There is a sort of schadenfreude about the Madoff affair. The trustee Irving Picard is analogous to Breeden in the Conrad Black case. He is making millions of dollars managing the recovery of assets for investors. Some investors stand to receive more back than they initially invested in Madoff because their other investments have performed dismally during the global financial crisis. Ignoring opportunity costs and taxes paid on fictitious returns, it is estimated that at least half of Madoff’s investors will lose no capital.

Bernard Madoff played on our need to feel special, like we are one of the elite. By making it hard to invest in his fund he created an air of exclusivity that made otherwise sophisticated investors act like teenagers not invited to a house party. The need to perform extreme levels of due diligence before investing in anything is another central theme running through the book.

We will never know the true story of the Bernard Madoff affair. We will never know with certainty that all of the assets have been recovered and investors made whole. But some extremely arrogant people had their wings clipped by the collapse of Madoff. This is a good thing in the long-run and why arguments about taxing inherited wealth don’t make sense.

If investors in Madoff had stuck to the rules and not thought that they were better than the great unwashed with their special investment relationship with “Bernie” they wouldn’t have needed to sell their apartments and Palm Beach winter homes. They could have kept their NetJets fractional shares and American Express bills in the six figures.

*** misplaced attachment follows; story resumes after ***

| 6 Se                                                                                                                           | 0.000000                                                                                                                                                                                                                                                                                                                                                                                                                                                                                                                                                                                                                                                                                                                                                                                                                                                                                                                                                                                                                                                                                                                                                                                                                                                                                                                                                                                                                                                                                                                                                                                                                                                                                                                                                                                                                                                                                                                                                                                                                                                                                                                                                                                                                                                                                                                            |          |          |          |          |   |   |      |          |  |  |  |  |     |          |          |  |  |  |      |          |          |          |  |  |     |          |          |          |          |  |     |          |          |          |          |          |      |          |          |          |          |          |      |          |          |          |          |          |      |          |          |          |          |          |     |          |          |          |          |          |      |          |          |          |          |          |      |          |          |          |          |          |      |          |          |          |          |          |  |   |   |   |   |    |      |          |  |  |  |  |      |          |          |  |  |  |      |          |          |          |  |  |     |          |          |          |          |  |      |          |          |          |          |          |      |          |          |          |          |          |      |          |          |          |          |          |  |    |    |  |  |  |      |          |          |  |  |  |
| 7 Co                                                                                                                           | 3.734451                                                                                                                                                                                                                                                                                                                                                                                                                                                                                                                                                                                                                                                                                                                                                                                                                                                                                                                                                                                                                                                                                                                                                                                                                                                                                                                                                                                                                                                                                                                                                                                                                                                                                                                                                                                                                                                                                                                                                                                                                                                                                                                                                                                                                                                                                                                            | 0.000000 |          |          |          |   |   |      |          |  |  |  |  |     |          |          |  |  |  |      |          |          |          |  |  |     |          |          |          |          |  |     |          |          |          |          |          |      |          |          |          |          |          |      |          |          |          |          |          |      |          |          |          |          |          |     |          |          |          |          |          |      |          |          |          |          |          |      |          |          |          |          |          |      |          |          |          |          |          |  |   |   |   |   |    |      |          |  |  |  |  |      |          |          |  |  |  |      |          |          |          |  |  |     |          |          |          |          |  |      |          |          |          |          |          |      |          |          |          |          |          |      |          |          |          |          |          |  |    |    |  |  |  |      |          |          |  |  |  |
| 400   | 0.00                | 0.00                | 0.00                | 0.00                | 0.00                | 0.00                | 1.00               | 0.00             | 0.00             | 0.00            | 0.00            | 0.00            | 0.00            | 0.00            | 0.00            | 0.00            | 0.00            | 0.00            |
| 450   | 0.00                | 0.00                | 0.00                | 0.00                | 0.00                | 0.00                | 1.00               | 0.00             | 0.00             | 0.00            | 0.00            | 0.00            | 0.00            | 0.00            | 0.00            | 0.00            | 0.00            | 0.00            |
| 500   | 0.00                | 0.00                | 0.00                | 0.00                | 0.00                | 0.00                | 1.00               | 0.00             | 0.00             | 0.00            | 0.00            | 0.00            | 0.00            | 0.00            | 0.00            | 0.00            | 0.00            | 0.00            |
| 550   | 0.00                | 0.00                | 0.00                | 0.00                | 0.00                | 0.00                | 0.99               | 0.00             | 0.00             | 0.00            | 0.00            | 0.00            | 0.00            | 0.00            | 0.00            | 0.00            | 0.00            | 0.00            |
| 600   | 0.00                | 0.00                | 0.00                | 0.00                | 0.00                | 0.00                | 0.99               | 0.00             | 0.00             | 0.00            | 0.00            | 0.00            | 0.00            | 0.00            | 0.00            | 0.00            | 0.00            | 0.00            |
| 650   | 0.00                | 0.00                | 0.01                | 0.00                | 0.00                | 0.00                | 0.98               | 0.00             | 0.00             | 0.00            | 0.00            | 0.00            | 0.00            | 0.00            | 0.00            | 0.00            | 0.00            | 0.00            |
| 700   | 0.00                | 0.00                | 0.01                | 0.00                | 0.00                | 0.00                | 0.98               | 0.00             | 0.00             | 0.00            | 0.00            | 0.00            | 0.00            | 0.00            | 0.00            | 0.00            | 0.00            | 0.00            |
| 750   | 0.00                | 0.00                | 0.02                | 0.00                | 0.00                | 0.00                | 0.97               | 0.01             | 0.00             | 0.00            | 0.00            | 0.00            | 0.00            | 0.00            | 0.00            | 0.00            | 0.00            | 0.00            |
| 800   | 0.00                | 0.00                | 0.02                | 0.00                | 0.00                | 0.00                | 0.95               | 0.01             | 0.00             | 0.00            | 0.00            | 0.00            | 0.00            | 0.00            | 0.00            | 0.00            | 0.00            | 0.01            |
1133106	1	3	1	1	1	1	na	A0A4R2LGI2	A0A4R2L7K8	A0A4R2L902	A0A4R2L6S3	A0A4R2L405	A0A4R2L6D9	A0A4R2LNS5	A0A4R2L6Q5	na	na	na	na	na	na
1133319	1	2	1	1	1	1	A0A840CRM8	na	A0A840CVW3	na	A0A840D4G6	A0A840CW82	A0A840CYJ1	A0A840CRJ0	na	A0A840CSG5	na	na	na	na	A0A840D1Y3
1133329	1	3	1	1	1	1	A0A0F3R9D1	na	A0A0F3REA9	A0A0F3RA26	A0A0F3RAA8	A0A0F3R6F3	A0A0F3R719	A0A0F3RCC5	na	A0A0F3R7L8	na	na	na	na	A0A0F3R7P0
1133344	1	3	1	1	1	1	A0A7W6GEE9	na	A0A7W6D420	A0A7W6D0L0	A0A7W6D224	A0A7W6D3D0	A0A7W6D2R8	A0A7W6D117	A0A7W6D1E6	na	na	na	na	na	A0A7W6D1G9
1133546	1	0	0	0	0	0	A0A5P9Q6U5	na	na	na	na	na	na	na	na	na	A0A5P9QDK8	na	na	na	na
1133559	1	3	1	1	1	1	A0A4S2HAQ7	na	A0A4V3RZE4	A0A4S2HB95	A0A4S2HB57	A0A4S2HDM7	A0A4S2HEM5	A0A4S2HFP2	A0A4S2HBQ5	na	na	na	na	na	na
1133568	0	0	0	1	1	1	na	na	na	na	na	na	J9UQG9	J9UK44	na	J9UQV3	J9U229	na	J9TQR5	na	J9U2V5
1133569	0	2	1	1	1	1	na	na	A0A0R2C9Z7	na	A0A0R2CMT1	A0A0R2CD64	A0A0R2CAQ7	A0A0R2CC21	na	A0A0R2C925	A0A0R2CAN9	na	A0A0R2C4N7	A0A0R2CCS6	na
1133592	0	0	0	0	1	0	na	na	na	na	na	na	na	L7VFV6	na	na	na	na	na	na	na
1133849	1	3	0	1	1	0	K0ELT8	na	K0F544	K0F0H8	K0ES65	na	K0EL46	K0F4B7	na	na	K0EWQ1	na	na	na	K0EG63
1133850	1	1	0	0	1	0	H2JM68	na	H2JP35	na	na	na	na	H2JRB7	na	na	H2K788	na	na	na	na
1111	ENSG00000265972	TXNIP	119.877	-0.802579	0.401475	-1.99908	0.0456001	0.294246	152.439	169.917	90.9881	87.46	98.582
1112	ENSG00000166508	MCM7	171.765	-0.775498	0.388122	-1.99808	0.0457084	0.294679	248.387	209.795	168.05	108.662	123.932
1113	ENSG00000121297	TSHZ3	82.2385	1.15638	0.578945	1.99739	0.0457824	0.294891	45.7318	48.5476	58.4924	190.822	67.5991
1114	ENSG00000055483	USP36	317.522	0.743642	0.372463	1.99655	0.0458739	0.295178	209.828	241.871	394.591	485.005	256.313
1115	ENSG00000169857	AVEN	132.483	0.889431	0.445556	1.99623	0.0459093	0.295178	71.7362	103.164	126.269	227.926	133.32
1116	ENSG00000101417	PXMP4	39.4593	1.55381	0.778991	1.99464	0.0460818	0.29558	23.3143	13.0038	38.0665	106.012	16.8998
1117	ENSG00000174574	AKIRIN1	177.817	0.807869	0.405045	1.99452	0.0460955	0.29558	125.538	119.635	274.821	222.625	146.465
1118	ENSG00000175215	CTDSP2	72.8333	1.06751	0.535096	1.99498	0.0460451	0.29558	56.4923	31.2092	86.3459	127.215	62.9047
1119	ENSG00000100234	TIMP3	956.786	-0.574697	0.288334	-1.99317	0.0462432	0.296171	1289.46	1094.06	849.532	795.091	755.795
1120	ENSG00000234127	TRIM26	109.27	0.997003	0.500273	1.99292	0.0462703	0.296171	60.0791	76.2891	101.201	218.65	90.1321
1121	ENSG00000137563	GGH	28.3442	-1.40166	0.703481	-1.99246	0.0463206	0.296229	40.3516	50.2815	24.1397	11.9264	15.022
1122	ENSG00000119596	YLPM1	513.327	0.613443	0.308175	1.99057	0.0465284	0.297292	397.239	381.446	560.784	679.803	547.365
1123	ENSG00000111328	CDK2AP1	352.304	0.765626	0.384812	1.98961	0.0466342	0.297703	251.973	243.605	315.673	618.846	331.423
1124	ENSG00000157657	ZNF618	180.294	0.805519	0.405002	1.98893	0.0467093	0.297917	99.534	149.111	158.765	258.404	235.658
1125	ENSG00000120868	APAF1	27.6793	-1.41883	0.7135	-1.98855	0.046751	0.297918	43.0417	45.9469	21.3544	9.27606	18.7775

The investors I feel slightly sorry for are the usual dupes – the “mum and dad” types who invested on the recommendation of friends and family. They never win in the financial markets because they are like people going to the sales without being able to tell a horses rear from its ears. As I’ve written before, they shouldn’t try and invest at all because it always ends in tears.

Relying purely on regulators as a risk reduction strategy as a success rate approaching 0% as evidenced by:

  • finance companies and the Securities Commission
  • the NZX, auditors and the Feltex IPO
  • Bernard Madoff and the SEC
  • Ratings agencies and mortgage backed securities being rated AAA

The book doesn’t touch on the reality that any investment fund can experience a run at any point in time. If all the investors want to withdraw their money, the fund won’t necessarily have liquid assets to cover the redemptions. It’s like a run on a bank, only investment fund’s will quickly sell off their assets to meet redemption requests. This will depress the value of the investor’s accounts even further.

I have followed the Bernard Madoff story closely. So far, billions of dollars has been recovered and due to the “net winners and net losers” calculation, many investors will actually get all of their money back. For sure, this is without interest and with considerable stress. But I’d wager it’s a better return than they would have got investing in some other asset classes since 2008.

If you like reading about the human side of how these schemes work, I’d definitely recommend checking this book out. It’s yet another cautionary tale about taking everything you read or hear with a grain of salt and pursuing a skeptical line of inquiry into the reality of the situation.